Poles lead the way for heart failure patients
MedWire News: Nordic walking could allow heart failure (HF) patients to exercise more effectively than walking without poles, researchers say.
The preliminary findings, presented at the Heart Failure Congress in Belgrade, Serbia, show that Nordic walking increases the intensity of training and enables patients to gain additional cardiorespiratory benefits from exercise.
Nordic walking involves poles and the use of the arms to mimic the motion of cross-country skiing. It is one of the fastest developing forms of physical activity in Europe.
Although aerobic exercise improves the quality of life and reduces HF-related hospitalizations in HF patients, many find it difficult, said Andrzej Lejczak (Military Hospital, Krakow, Poland) and team in a press statement. Nordic walking, which is considered safe in individuals aged over 65 years, could therefore be appropriate.
The study involved 12 stable systolic HF patients (mean age 63 years, New York Heart Association class II, median left ventricular ejection fraction 30%) and 12 healthy individuals (mean age 30 years). The median oxygen consumption (VO2) in the HF patients was 18.2 mL/kg per min and in the controls was 29.3 mL/kg per min.
All participants completed two submaximal 6-minute walking tests, one with poles and one without, on a level treadmill at a constant speed of 5 km per hour.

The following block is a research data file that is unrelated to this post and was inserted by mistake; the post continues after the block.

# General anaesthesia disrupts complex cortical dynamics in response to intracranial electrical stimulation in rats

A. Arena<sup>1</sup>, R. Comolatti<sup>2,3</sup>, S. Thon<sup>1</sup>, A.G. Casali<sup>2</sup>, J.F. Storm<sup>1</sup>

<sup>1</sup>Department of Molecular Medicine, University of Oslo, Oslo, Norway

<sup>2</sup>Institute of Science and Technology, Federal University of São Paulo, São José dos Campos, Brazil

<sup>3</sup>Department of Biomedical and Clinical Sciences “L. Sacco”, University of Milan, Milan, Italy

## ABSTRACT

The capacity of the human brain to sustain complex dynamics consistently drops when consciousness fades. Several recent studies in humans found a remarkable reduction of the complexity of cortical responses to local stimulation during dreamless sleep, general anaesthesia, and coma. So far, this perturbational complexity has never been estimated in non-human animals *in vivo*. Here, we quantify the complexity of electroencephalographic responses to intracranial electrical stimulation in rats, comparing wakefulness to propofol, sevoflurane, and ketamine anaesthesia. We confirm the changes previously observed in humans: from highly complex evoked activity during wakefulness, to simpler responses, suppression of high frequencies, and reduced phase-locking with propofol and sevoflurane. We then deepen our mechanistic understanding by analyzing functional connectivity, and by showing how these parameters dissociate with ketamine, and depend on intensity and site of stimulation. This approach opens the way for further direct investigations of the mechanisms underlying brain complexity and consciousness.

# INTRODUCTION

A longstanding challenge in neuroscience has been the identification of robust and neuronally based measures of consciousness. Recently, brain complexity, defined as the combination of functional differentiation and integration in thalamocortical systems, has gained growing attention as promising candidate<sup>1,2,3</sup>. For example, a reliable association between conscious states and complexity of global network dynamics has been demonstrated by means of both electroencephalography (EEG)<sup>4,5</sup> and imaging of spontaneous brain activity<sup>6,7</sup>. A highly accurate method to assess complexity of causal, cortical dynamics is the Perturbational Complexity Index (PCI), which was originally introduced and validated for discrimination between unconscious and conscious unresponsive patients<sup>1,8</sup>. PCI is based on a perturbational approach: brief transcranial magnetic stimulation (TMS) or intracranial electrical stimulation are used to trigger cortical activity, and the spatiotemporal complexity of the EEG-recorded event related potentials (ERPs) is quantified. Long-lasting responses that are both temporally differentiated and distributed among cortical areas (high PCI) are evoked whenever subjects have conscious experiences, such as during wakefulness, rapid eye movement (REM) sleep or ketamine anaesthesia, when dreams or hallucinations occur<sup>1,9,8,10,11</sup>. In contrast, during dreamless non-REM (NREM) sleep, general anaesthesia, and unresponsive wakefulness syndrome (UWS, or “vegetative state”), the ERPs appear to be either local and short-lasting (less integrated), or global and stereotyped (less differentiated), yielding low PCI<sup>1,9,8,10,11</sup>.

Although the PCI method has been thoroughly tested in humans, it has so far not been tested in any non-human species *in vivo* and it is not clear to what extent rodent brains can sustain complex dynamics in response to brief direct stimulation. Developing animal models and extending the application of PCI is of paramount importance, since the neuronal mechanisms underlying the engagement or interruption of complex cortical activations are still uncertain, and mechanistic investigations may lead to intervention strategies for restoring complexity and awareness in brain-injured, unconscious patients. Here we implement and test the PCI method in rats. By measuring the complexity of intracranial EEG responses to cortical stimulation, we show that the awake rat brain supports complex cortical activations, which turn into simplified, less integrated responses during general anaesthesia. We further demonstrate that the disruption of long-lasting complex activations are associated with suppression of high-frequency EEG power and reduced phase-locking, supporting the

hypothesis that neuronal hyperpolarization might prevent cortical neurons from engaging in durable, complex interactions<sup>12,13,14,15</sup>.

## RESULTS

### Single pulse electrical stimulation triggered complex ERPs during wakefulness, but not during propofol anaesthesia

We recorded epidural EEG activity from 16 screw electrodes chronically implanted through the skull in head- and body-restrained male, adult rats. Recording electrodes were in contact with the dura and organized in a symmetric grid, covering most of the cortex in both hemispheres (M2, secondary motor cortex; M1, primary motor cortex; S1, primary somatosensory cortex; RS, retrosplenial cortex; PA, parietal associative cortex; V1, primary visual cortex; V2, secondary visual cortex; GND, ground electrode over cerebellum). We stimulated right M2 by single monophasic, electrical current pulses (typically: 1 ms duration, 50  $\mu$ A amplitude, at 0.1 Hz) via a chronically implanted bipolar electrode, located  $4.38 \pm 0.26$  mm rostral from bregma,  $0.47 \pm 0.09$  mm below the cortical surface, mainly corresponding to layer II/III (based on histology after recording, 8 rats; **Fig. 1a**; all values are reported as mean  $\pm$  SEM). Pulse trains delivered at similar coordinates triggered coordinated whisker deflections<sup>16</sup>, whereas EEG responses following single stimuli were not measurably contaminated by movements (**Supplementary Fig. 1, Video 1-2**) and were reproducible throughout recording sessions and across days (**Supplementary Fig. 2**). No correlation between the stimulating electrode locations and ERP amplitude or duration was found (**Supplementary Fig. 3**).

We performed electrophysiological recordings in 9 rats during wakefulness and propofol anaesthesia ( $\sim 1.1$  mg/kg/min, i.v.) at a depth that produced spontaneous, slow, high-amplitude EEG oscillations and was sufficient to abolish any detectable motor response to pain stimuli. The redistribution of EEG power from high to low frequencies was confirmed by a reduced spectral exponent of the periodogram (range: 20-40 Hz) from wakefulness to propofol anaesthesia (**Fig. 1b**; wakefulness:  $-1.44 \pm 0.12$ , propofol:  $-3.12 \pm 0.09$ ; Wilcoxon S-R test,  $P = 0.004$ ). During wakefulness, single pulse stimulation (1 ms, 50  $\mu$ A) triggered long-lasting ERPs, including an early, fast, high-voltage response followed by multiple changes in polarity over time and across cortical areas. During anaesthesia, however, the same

When the control participants did Nordic walking, their median VO2 was 4.9 mL/kg per min higher (increase of 37%) and respiratory quotient 5% higher than when they walked without poles.
In addition, their peak heart rate was 20 beats per minute higher, maximal systolic blood pressure (BP) 15 mmHg higher, and fatigue level increased by 2 points on the Borg scale.
When HF patients did Nordic walking, their mean VO2 increased by 2.9 mL/kg per minute, a median increase of 14.7%, and their respiratory quotient increased by 18% compared with when they walked without poles.
In addition, their peak heart rate increased by 15 beats per minute, maximal systolic BP by 10 mmHg, and fatigue level by 2 points on the Borg scale.
There were no signs of cardiac ischemia or significant arrhythmias during the tests in either group.
"In Nordic walking we have a big workload because we use additional muscle groups," commented Lejczak. "We walk with four limbs, so we're exercising our arms and legs at the same time - that's why we have such a beneficial response."
He added: "The implication is that Nordic walking is safe to include in cardiac rehabilitation programs for patients with HF."
The authors said that patients interested in using Nordic walking as part of their exercise regime can purchase Nordic walking poles for approximately € 50 (US$ 63) and must take two or three 1-hour lessons before exercising without supervision.
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By Piriya Mahendra